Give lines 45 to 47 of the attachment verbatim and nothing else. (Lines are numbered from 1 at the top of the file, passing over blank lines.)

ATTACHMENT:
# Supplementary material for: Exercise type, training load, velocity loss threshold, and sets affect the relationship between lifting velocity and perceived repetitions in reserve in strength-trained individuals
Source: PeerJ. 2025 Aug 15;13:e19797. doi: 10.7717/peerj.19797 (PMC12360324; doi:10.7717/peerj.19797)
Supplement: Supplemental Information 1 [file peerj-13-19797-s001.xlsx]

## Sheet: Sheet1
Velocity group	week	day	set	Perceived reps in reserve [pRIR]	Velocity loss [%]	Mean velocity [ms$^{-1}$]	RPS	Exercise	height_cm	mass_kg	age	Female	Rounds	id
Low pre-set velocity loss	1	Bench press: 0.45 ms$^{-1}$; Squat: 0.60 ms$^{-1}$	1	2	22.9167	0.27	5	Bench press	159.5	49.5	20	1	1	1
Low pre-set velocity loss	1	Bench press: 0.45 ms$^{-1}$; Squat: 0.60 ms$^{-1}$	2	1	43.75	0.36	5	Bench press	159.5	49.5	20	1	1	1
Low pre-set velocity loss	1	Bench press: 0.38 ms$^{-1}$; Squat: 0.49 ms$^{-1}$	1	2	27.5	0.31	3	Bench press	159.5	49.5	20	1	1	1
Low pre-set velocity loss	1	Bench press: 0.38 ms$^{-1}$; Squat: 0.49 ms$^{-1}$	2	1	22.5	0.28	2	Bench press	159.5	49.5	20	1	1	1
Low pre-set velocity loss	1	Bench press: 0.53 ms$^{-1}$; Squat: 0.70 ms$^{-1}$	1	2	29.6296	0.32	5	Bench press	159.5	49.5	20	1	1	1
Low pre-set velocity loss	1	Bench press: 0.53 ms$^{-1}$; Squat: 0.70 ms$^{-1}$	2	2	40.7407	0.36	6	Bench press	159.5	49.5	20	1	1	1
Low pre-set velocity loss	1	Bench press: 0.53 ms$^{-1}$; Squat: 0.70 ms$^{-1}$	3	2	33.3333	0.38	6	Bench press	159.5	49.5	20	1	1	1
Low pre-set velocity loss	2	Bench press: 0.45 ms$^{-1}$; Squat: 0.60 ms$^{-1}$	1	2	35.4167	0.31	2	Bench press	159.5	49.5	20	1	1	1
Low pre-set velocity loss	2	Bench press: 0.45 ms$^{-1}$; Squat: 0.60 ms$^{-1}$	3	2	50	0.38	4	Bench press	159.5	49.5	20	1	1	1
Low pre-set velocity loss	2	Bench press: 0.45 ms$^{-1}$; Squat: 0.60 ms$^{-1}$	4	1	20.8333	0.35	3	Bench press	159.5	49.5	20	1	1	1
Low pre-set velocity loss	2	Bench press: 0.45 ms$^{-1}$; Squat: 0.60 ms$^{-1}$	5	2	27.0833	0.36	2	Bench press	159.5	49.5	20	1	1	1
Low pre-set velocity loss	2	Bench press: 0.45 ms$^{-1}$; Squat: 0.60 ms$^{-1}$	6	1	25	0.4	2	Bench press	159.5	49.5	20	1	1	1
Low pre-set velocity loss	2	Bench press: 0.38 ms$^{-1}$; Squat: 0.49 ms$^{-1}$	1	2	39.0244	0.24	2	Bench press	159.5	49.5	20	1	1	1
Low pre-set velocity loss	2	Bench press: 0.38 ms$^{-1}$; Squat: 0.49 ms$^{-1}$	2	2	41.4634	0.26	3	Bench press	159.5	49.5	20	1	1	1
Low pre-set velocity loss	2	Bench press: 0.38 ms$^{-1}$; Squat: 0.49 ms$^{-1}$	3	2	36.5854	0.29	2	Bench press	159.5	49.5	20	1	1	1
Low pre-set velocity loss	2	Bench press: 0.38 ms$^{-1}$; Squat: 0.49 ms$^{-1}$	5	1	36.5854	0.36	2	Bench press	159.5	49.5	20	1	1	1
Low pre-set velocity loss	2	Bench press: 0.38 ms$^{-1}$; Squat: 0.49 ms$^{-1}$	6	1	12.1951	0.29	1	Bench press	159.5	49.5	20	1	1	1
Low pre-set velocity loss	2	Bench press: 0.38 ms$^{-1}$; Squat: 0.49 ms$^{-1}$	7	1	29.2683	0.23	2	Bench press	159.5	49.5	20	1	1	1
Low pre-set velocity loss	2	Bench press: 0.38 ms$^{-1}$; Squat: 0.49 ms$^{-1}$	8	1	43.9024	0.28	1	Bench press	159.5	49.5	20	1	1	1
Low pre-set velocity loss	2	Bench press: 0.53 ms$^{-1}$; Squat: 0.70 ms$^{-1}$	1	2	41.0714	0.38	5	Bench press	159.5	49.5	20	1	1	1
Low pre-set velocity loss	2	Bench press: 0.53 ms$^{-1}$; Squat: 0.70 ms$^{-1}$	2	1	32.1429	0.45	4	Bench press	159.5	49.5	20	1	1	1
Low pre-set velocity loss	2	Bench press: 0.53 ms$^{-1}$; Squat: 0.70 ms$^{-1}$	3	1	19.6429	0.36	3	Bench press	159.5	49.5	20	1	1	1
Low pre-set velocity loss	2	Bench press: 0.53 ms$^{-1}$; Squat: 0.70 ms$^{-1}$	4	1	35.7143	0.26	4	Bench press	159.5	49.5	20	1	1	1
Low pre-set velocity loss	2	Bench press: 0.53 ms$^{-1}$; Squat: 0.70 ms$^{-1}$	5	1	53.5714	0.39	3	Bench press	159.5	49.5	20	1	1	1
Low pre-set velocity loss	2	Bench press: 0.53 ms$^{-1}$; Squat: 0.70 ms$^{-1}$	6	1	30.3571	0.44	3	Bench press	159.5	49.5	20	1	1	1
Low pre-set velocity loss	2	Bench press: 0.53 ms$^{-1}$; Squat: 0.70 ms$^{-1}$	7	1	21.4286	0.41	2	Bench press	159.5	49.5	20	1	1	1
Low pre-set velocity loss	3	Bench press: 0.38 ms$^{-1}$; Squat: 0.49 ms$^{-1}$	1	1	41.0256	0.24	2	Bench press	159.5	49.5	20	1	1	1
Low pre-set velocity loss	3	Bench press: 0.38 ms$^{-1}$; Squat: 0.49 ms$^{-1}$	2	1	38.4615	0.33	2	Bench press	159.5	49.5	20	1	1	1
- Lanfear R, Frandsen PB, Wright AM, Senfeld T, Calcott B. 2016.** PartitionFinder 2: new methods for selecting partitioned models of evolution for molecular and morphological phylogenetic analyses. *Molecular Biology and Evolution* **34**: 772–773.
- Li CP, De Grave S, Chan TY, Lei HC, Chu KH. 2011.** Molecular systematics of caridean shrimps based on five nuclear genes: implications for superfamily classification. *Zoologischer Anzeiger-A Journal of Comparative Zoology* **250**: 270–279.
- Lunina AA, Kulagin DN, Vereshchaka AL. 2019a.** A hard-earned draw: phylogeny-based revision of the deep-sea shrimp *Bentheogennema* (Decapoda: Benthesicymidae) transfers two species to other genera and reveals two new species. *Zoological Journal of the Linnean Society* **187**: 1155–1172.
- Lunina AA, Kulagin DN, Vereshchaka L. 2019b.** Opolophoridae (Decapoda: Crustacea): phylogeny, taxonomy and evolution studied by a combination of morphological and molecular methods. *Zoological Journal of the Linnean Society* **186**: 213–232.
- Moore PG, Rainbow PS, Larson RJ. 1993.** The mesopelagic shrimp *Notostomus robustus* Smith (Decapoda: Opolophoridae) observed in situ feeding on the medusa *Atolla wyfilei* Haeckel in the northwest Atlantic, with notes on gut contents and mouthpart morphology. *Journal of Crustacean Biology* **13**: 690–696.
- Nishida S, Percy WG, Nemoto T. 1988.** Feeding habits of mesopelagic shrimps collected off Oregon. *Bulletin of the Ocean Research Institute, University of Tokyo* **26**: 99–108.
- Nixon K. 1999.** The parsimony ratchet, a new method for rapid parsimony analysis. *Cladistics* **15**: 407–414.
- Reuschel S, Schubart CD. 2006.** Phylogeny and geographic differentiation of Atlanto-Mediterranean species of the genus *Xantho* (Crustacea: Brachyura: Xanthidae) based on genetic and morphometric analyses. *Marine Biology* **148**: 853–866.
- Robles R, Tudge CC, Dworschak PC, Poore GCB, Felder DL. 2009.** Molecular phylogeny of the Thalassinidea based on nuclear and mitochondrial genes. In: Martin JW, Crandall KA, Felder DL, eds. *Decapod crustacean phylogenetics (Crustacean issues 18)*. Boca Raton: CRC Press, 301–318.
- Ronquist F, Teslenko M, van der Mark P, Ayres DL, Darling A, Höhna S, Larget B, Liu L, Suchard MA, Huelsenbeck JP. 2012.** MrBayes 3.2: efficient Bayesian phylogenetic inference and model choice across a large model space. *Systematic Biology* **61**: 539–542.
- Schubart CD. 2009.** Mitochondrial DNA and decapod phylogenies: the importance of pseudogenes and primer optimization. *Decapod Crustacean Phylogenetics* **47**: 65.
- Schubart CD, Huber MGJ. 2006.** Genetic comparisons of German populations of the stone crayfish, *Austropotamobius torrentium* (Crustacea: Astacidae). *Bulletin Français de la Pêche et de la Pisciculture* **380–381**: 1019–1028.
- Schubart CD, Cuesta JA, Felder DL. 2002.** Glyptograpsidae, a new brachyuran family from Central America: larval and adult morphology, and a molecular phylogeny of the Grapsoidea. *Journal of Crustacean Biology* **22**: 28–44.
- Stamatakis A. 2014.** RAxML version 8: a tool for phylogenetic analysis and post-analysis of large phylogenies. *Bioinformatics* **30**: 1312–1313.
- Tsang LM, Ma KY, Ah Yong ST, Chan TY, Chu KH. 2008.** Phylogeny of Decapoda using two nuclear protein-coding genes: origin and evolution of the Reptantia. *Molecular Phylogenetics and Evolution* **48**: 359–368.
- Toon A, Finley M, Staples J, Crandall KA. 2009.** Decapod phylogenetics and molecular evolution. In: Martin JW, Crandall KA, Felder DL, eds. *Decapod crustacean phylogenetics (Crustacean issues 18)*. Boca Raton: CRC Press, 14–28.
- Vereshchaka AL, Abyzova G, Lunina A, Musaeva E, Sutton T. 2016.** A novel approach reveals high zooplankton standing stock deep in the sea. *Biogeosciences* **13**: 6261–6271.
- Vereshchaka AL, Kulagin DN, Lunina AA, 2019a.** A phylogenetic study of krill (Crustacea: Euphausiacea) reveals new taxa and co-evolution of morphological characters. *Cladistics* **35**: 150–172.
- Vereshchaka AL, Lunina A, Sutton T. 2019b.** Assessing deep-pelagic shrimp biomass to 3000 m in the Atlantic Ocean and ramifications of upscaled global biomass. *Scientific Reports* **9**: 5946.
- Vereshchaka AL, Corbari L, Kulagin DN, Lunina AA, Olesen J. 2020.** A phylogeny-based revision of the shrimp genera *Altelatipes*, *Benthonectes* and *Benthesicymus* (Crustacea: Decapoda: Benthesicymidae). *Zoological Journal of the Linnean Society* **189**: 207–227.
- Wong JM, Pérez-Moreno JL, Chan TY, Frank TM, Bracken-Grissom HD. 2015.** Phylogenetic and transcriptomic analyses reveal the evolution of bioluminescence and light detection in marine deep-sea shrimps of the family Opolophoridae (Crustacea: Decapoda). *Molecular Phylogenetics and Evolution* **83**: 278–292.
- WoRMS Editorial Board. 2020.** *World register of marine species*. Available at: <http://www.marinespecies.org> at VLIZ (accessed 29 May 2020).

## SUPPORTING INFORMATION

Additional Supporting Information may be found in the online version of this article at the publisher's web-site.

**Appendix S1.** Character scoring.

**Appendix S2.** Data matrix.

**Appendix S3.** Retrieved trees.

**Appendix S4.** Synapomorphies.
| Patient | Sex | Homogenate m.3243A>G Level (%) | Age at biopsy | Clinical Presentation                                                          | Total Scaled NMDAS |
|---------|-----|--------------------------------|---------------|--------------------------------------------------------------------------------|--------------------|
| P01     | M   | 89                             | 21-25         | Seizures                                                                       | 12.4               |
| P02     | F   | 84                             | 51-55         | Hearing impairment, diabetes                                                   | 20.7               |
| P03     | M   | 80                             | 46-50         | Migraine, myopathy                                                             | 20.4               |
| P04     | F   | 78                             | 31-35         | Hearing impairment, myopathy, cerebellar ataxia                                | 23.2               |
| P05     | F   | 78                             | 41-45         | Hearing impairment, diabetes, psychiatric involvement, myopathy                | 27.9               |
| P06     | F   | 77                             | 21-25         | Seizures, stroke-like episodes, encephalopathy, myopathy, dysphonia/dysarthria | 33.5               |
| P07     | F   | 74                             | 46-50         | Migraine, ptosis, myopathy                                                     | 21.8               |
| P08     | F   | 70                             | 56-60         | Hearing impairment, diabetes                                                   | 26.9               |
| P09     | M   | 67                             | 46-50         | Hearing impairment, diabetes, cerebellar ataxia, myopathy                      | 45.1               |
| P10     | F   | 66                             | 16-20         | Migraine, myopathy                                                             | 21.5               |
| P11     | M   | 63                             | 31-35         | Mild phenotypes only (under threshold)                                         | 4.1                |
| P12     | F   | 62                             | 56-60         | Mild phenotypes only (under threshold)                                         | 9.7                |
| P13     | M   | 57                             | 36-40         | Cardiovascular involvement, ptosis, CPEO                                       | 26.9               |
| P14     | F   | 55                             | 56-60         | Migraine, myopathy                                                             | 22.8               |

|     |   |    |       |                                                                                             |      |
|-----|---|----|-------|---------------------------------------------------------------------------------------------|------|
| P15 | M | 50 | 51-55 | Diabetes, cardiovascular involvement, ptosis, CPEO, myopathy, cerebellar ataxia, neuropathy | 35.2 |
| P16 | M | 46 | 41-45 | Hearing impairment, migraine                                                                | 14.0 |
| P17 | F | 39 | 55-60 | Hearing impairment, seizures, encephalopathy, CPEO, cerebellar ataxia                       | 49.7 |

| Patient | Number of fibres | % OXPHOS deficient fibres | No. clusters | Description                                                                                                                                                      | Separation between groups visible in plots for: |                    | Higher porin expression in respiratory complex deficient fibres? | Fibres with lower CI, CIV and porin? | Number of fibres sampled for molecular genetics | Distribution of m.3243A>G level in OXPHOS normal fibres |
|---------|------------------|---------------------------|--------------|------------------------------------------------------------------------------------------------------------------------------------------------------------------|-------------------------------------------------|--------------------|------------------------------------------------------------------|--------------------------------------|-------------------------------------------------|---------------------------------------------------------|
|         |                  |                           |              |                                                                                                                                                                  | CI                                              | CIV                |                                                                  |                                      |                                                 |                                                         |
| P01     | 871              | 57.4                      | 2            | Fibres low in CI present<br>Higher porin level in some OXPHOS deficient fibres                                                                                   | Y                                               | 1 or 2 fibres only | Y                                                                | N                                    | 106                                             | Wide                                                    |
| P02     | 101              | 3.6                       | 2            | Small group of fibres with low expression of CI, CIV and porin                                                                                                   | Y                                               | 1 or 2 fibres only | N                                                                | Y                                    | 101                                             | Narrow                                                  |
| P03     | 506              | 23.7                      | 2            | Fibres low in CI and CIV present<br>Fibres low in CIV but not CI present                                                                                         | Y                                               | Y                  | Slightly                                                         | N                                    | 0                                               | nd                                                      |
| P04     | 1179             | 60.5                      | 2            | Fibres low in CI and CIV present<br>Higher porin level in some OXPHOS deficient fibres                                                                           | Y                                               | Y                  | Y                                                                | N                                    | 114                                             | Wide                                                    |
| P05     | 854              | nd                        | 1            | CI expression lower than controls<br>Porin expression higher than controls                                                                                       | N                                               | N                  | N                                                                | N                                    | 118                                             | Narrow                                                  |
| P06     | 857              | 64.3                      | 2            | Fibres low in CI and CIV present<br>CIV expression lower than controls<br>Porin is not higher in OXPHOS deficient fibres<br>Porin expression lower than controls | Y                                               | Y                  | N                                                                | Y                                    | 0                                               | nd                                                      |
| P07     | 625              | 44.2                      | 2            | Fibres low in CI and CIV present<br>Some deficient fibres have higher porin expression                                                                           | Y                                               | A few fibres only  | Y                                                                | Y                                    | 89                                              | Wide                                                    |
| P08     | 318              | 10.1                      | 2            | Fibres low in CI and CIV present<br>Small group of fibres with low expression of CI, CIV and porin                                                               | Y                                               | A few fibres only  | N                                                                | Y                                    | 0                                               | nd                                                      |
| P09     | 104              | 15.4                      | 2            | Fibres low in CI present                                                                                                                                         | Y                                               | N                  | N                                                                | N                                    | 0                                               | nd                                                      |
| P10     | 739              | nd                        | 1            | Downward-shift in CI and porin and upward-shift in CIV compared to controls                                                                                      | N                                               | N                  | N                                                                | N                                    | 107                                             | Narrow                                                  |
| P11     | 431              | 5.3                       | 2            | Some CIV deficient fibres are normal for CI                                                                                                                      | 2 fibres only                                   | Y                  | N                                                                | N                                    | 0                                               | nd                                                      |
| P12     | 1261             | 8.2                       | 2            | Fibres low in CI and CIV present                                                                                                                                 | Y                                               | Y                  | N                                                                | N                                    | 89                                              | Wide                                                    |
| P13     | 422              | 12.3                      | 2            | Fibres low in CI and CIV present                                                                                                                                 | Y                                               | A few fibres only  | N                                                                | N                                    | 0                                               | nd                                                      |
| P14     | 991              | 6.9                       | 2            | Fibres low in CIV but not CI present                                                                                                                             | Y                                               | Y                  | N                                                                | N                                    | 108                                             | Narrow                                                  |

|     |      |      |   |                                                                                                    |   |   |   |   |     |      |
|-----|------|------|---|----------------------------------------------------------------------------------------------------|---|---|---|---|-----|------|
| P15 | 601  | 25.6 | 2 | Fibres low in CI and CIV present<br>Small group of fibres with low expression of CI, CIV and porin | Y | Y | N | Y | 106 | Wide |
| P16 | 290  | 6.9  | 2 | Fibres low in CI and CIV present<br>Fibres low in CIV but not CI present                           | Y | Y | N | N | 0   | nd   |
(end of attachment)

- Schubart CD, Huber MGJ. 2006.** Genetic comparisons of German populations of the stone crayfish, *Austropotamobius torrentium* (Crustacea: Astacidae). *Bulletin Français de la Pêche et de la Pisciculture* **380–381**: 1019–1028.
- Schubart CD, Cuesta JA, Felder DL. 2002.** Glyptograpsidae, a new brachyuran family from Central America: larval and adult morphology, and a molecular phylogeny of the Grapsoidea. *Journal of Crustacean Biology* **22**: 28–44.
- Stamatakis A. 2014.** RAxML version 8: a tool for phylogenetic analysis and post-analysis of large phylogenies. *Bioinformatics* **30**: 1312–1313.